The American Academy of Pediatrics (AAP) recommends that all babies be checked for jaundice after birth while in the hospital. Your baby’s provider checks her with one or more of these tests:

  • Blood test. This is the best way to measure bilirubin levels. Your baby’s provider takes a small sample of blood from your baby's heel to do this test.
  • Physical exam. Your baby’s provider checks your baby’s body for signs of jaundice. 
  • Skin test. Your baby’s provider places a device on your baby’s forehead to check bilirubin levels. The device measures the reflection of a special light that shines through the skin.

The AAP recommends that babies be checked for jaundice again at 3 to 5 days of age. This is the time when bilirubin levels are the highest. If your baby leaves the hospital before 72 hours (3 days) of age, your baby should be checked within the next 2 days.

How is jaundice treated?

Most babies with jaundice don’t need treatment. If your baby has mild jaundice, her provider may recommend that you breastfeed your baby more often so to produce more bowel movements. This helps to get rid of bilirubin.

Jaundice usually clears up within 2 weeks in formula-fed babies. It may last for more than 2 to 3 weeks in breastfed babies. If your baby’s jaundice lasts more than 3 weeks, talk to your baby’s health care provider.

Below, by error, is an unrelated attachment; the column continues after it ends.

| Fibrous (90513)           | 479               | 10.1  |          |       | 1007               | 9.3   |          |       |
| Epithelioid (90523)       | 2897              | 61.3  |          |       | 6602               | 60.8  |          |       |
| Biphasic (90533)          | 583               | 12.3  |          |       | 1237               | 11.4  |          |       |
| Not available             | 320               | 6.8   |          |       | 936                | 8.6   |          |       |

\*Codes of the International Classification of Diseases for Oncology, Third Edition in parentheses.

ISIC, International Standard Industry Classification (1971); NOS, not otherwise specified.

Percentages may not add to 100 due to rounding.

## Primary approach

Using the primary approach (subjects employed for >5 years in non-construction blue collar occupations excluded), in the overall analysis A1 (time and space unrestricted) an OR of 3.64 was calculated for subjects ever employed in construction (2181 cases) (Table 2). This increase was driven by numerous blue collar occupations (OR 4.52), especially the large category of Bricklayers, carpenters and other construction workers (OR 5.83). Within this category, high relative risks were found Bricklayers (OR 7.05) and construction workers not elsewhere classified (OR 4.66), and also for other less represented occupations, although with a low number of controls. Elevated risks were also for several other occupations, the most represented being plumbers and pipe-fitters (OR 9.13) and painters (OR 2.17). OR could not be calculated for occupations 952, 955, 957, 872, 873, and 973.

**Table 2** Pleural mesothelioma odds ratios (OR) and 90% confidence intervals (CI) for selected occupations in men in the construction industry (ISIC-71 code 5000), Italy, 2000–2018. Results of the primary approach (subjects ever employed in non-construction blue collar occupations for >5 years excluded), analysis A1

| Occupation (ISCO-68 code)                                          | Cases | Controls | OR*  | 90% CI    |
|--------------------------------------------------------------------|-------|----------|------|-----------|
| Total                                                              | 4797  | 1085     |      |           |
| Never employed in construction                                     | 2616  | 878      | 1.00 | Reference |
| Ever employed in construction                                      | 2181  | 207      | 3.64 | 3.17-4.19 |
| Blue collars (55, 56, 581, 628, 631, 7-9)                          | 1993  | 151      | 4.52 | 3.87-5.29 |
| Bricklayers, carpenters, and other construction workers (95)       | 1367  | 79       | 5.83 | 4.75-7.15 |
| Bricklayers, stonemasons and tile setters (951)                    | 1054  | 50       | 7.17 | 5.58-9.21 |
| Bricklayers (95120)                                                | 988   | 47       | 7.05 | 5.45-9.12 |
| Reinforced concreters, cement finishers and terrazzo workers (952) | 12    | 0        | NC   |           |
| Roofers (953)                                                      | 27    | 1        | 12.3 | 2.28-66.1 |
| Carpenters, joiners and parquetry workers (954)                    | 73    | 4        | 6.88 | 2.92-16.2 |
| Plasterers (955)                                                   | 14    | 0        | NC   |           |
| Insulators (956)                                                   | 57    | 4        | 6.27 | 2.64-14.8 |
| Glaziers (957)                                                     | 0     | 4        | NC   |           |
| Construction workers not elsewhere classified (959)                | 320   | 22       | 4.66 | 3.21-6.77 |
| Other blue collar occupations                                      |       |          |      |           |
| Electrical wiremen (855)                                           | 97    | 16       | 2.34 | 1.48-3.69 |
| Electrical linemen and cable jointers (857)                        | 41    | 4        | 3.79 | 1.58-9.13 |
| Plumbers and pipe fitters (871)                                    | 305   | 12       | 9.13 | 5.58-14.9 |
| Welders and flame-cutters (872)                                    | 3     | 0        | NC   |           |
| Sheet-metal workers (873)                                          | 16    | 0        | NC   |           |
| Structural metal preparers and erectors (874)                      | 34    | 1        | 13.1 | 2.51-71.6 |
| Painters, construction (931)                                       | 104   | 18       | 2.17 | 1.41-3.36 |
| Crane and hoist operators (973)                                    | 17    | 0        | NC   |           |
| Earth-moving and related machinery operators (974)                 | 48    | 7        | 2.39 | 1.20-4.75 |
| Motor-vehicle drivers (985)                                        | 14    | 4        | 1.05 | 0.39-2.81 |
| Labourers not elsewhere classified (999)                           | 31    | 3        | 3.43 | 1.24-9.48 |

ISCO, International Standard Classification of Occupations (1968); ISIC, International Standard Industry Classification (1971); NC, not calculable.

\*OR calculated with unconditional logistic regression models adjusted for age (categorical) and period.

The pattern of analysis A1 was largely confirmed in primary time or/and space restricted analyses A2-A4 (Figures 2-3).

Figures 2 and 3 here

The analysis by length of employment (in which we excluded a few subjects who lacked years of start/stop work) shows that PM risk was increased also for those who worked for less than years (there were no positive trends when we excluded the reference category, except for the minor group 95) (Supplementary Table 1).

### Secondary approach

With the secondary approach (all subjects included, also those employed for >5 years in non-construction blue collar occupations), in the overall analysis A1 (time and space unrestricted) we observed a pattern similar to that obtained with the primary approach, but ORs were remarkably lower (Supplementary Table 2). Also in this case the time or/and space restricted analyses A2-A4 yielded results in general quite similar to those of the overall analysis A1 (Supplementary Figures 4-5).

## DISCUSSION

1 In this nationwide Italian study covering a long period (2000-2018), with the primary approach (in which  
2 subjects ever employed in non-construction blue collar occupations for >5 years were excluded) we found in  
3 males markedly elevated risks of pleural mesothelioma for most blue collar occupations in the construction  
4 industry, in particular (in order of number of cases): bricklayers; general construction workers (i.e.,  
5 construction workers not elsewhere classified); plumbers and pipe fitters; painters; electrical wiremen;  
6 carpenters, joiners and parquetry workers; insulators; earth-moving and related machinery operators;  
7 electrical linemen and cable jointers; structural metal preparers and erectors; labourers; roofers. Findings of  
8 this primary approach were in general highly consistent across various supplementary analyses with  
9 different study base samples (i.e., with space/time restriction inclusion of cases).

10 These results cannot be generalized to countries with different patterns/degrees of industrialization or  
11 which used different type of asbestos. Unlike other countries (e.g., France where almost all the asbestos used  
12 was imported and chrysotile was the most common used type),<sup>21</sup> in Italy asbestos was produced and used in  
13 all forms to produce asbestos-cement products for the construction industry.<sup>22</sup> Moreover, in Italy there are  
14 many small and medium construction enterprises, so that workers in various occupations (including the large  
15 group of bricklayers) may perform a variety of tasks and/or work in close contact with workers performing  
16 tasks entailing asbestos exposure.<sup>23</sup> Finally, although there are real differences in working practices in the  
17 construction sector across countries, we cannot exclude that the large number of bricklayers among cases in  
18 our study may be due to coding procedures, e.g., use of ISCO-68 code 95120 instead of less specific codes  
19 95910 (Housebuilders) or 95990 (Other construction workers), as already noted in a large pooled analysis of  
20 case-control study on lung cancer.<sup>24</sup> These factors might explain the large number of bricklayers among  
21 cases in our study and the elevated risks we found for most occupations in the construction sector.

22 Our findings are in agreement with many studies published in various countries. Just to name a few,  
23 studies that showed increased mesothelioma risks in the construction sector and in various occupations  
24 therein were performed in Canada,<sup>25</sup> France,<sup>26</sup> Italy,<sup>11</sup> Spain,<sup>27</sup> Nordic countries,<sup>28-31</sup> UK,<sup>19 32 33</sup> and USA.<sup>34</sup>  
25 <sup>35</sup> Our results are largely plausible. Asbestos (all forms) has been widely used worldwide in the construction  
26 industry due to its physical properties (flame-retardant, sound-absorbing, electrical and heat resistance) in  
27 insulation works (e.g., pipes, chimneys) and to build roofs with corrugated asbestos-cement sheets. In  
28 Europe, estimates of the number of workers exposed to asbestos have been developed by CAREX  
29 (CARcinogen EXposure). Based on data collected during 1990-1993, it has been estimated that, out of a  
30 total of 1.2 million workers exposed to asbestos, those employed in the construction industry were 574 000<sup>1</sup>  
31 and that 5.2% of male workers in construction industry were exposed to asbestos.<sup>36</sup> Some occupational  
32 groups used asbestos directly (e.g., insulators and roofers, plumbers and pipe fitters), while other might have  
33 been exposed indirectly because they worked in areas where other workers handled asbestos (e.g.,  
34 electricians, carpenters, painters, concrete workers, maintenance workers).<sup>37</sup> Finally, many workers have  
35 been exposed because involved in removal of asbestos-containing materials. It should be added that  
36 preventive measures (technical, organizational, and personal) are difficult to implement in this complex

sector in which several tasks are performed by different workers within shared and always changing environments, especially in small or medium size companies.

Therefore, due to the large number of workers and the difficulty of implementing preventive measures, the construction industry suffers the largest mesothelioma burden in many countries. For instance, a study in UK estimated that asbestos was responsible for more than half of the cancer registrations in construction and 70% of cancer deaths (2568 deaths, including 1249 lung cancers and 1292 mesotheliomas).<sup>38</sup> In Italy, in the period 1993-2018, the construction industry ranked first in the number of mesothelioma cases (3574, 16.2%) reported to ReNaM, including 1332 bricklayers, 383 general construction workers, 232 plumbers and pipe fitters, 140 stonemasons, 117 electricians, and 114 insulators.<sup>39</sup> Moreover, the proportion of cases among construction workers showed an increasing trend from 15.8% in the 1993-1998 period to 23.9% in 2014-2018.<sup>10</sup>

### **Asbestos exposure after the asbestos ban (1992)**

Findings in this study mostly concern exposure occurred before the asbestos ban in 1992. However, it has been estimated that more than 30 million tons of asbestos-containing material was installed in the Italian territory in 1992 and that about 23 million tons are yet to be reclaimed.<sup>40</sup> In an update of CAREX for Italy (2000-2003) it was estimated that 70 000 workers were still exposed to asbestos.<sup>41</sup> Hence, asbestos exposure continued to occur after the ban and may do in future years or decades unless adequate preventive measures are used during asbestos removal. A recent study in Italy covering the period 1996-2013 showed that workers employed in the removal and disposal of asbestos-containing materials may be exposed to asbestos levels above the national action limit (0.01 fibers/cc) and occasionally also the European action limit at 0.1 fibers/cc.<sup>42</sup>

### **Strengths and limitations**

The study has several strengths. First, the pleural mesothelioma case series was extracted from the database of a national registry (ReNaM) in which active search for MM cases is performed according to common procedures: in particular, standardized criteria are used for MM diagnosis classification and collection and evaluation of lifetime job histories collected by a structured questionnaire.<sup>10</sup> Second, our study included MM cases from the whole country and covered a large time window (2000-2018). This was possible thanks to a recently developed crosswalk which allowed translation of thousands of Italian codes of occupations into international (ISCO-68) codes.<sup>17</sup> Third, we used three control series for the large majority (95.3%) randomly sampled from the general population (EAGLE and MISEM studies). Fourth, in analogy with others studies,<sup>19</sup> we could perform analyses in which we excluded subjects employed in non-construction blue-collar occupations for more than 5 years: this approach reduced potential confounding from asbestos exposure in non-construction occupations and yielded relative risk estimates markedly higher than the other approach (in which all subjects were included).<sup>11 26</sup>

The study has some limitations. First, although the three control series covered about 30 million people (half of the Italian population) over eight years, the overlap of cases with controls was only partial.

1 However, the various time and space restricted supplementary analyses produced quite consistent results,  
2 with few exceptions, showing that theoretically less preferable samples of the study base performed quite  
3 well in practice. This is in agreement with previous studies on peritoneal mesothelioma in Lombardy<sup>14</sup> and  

Babies with more severe jaundice may need treatment including:

  • Phototherapy treatment (also called light therapy or bili lights). This is when your baby is placed under special lights that help your baby’s body change bilirubin into a form that can exit the body in urine. While your baby is under the lights, they wear just a diaper and shields over the eyes. Some babies can lie on a light therapy blanket (also called a fiberoptic blanket) that has tiny bright lights in it. You may use the blanket in place of, or along with, the overhead lights. If you can’t afford to have your baby treated with the special lights or blanket, your doctor may use indirect (filtered) sunlight to treat your baby’s jaundice. This kind of sunlight removes the rays that could burn your baby’s skin, so it is safer than direct sunlight. Phototherapy can be done in the hospital or at home, and it’s safe for your baby.
  • Intravenous immunoglobulin (also called IVIg). If you and your baby have different blood types, your baby may get immunoglobulin (a blood protein) through a needle into a vein. This can help treat the jaundice so that your baby is less likely to need an exchange transfusion.
  • Exchange transfusion. If phototherapy doesn’t work and your baby’s bilirubin levels are still very high, your baby may need a special type of blood transfusion called an exchange transfusion. An exchange transfusion gets rid of bilirubin by replacing your baby’s blood with fresh blood in small amounts. This type of therapy is very expensive and is only used when a baby who has complications like CBE.

See also: Preterm babies

Last reviewed: January 2024